Prosecutors not seeking jail time for John Leopold

Saying John R. Leopold committed "an arrogant abuse of power" by ordering police and other government workers to perform personal and political chores for him, prosecutors are asking a judge to fine the former Anne Arundel County executive $100,000 and sentence him to five years probation and 500 hours of community service.

The recommendation by State Prosecutor Emmet C. Davitt comes in a document filed Monday in Anne Arundel County Circuit Court, where Leopold, 70, is scheduled to be sentenced Thursday by Judge Dennis M. Sweeney on two misdemeanor counts of misconduct in office.

Leopold resigned after Sweeney found him guilty in January on two of the five charges against him, relating to ordering police officers on his security detail and his scheduling assistant to drain his catheter bag repeatedly, and directing officers to do tasks for his 2010 re-election campaign, including picking up campaign contributions and creating files on political opponents.

Misconduct in office has no specific penalties under Maryland law, leaving the sentencing entirely up to the judge.

In a four-page filing, prosecutors said they believe under most circumstances, Leopold's "deliberate, egregious, abusive and wrongful conduct would merit some period of incarceration," but decided against seeking a jail term due to Leopold's "age and health issues."

Instead, they are seeking a one-year jail term that would be suspended so Leopold could be placed on supervised probation until the fine is paid and service hours completed. Only if he violated conditions of probation could Leopold be jailed, prosecutors suggested.

The prosecutors pointed in the memorandum to a "continuous pattern" of behavior, and said Leopold's offenses were an "egregious abuse of the public trust."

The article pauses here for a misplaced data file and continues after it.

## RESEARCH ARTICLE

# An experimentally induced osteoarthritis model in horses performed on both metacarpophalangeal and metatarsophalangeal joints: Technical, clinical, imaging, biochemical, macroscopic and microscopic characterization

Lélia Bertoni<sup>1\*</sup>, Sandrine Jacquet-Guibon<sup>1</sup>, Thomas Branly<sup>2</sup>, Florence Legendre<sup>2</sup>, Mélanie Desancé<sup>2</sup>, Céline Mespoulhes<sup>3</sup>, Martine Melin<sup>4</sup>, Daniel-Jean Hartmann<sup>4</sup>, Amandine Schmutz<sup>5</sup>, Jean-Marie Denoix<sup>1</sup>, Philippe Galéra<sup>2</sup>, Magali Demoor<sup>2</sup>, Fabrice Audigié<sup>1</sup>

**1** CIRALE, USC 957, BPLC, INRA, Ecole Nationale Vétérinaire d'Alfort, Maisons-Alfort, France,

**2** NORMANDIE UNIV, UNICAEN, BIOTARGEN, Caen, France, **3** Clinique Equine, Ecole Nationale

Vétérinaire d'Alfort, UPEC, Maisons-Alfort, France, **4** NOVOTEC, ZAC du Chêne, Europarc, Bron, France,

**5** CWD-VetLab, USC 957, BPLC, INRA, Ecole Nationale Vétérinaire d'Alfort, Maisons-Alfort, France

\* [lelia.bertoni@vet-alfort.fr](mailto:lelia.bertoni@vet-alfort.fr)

Leopold's lawyers, also in documents filed Monday, are requesting probation but did not specify a number of years. They made no mention of a fine or service hours in their 17-page memorandum, and wrote that state sentencing guidelines would call for probation.

"In retrospect, Mr. Leopold regrets involving staff and others in his personal health issues and campaign activities," the defense team wrote, calling Leopold's actions "misguided."

Leopold required a urinary catheter after the back surgeries he had twice in 2010. His attorneys noted that the "most private and intimate details" of Leopold's personal life have been publicly scrutinized.

"He has gone from the position of a proud public servant to a man publicly ridiculed and vilified," they wrote.

The defense memo focused on Leopold's achievements in public office. Attorneys Bruce L. Marcus and Robert C. Bonsib noted Leopold's constituent service, as well as the creation of Homeless Resource Day, his push for a casino to bring in revenue to the county, and government belt-tightening that included him returning more than $18,000 of his salary.

The defense filing included positive letters about Leopold and copies of newspaper clippings about achievements and other supportive material.

His longtime companion, Jane Miller, said in a letter that Leopold "initiated counseling" as they dealt with infidelity. She took issue with Leopold's scheduling secretary's testimony about having to empty his catheter over the better part of a year and, referring to Leopold's health issues, said she found it "sad that the help given by his staff has been misconstrued so that it appears he was in some way abusing his power."

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